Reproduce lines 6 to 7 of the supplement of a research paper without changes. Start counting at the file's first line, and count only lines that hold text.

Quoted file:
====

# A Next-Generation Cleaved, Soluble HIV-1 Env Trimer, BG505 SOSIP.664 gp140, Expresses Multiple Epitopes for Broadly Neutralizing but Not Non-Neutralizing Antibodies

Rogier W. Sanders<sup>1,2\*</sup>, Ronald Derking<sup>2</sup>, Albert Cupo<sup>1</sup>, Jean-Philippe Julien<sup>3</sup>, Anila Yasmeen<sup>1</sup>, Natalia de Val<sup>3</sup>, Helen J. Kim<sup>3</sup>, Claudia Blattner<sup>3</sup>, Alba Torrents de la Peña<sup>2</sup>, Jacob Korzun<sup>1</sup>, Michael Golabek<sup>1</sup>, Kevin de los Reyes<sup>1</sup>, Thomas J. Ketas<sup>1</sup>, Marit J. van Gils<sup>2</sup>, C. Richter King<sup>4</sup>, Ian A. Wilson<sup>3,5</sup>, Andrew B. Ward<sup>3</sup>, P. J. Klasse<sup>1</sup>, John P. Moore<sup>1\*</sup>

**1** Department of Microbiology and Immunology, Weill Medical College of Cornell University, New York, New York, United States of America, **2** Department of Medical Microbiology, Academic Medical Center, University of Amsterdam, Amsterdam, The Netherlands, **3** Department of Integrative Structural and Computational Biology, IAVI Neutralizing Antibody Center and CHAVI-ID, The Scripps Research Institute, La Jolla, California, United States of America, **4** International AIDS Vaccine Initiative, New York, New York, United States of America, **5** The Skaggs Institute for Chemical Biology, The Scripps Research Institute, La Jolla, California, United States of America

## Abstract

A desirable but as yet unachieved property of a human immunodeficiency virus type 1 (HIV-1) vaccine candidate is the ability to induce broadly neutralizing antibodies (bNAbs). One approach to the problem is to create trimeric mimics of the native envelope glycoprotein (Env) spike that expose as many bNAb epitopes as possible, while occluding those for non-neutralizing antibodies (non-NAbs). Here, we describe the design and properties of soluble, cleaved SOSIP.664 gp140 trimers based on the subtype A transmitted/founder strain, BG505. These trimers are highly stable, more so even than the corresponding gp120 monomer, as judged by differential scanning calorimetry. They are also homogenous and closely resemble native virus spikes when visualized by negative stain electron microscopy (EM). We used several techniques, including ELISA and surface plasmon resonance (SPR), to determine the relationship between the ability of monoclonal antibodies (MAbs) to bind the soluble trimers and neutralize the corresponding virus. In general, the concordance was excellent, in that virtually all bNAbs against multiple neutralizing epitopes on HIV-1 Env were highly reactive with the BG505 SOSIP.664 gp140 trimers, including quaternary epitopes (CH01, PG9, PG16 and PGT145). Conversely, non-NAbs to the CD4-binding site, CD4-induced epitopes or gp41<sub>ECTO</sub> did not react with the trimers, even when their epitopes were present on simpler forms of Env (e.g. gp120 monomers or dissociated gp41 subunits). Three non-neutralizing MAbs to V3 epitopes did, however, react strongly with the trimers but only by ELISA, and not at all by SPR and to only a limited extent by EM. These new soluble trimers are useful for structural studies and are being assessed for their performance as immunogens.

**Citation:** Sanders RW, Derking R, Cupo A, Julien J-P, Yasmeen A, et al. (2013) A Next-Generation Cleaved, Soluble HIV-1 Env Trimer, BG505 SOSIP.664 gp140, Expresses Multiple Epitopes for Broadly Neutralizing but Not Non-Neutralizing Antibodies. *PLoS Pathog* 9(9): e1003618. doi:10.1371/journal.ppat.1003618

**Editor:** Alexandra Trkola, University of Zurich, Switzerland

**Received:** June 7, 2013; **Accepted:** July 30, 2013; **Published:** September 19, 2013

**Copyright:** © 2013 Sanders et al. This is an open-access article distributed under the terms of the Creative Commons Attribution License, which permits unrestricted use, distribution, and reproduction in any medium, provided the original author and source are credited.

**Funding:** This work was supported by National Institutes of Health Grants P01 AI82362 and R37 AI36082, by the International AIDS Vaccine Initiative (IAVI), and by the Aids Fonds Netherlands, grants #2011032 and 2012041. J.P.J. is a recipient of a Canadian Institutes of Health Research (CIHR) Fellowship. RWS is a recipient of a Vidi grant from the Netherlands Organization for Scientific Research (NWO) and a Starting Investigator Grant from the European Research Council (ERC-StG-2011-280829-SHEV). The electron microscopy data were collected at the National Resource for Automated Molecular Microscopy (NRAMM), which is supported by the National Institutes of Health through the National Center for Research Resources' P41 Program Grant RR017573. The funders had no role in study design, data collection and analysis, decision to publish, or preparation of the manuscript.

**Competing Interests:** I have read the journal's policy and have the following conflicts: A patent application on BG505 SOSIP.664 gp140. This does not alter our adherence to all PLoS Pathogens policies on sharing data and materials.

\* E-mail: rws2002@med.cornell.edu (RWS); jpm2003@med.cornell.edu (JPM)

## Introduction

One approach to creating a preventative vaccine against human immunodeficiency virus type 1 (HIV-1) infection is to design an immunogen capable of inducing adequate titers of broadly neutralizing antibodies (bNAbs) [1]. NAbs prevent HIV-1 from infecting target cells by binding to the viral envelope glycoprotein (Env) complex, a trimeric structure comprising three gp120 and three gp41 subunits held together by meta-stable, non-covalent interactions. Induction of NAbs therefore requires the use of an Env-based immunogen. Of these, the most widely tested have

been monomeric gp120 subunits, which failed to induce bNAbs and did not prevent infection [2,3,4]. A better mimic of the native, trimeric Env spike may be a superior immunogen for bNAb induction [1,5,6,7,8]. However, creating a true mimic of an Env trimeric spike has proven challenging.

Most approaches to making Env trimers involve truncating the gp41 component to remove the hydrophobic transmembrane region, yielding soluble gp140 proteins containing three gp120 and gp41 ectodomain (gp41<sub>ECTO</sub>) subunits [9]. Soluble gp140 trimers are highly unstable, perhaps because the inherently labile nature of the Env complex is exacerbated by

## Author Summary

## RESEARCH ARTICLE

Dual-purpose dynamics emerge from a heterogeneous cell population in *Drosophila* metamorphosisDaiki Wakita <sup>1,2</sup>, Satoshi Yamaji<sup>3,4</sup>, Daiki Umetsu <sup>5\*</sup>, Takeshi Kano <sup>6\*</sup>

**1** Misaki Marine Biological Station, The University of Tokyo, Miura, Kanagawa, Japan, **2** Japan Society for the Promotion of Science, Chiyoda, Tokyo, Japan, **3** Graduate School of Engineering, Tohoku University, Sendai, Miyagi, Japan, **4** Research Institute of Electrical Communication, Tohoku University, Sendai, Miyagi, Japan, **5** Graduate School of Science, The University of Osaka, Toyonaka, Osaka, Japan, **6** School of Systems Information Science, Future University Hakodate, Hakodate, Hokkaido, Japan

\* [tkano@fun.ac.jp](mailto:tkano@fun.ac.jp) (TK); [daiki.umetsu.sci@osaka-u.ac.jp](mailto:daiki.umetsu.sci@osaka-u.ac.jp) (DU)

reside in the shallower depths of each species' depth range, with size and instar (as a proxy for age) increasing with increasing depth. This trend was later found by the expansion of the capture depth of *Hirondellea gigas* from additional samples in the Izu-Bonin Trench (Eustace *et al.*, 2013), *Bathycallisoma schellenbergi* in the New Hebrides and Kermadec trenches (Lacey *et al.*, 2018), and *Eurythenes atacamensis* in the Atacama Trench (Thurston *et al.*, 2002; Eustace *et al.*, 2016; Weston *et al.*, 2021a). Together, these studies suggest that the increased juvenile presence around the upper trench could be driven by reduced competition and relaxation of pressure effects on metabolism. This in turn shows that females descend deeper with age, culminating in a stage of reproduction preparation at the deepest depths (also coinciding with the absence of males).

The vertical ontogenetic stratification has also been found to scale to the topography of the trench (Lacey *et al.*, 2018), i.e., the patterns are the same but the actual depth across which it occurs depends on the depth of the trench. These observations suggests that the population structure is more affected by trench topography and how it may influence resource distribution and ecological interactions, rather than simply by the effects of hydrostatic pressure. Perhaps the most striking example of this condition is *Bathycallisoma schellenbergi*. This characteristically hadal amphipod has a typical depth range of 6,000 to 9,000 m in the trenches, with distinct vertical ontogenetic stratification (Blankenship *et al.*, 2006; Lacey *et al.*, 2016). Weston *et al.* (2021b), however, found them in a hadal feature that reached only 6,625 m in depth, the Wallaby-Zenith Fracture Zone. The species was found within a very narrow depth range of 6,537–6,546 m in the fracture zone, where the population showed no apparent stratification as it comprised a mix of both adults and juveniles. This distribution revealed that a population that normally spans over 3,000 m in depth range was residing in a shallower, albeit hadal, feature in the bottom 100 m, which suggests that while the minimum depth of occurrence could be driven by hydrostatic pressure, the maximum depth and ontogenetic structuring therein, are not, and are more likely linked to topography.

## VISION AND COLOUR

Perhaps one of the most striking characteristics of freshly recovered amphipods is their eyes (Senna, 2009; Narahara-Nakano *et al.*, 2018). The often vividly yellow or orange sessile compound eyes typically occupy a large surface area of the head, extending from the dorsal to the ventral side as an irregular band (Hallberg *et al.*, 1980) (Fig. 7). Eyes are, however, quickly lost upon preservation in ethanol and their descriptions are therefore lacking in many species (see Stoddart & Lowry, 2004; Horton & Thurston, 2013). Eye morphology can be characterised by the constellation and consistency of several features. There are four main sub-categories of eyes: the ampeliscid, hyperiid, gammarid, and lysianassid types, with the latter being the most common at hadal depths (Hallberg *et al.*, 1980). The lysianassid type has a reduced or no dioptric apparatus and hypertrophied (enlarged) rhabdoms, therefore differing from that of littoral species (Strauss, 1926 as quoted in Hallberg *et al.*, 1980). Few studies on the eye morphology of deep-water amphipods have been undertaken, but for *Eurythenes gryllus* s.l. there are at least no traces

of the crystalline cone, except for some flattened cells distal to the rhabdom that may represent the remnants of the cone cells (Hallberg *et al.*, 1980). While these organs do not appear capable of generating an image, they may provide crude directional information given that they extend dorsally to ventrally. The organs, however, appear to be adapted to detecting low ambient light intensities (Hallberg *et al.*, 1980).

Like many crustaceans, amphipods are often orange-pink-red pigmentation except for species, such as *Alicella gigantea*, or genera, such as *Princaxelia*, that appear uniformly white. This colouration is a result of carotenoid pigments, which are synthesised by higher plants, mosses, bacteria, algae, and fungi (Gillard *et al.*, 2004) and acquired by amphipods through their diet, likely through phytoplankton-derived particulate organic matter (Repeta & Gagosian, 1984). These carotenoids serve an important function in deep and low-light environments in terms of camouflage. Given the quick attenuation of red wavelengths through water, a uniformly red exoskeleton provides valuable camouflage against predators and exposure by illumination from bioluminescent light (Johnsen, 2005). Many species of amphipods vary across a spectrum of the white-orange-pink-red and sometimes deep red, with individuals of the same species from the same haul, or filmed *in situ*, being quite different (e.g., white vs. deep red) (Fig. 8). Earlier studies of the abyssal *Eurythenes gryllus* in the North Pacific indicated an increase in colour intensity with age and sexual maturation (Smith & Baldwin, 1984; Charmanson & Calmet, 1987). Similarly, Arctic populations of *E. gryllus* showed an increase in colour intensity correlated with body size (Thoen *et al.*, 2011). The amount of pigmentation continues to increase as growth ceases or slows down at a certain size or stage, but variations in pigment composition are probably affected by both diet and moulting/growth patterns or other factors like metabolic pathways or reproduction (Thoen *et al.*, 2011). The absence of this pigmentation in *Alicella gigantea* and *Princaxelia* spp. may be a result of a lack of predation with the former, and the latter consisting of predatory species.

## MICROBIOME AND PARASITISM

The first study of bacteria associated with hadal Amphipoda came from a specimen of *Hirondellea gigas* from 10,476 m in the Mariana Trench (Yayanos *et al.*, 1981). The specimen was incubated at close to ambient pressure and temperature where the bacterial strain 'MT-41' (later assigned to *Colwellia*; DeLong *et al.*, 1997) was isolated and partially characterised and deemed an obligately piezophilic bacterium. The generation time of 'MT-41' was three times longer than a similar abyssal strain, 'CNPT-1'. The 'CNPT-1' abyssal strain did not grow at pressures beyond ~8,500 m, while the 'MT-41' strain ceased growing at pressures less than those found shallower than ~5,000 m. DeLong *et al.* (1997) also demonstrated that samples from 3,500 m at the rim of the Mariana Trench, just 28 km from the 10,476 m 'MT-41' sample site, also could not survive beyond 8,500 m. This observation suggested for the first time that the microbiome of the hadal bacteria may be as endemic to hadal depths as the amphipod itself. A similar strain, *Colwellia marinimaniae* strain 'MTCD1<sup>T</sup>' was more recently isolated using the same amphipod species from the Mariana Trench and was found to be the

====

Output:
**Citation:** Sanders RW, Derking R, Cupo A, Julien J-P, Yasmeen A, et al. (2013) A Next-Generation Cleaved, Soluble HIV-1 Env Trimer, BG505 SOSIP.664 gp140, Expresses Multiple Epitopes for Broadly Neutralizing but Not Non-Neutralizing Antibodies. *PLoS Pathog* 9(9): e1003618. doi:10.1371/journal.ppat.1003618

**Editor:** Alexandra Trkola, University of Zurich, Switzerland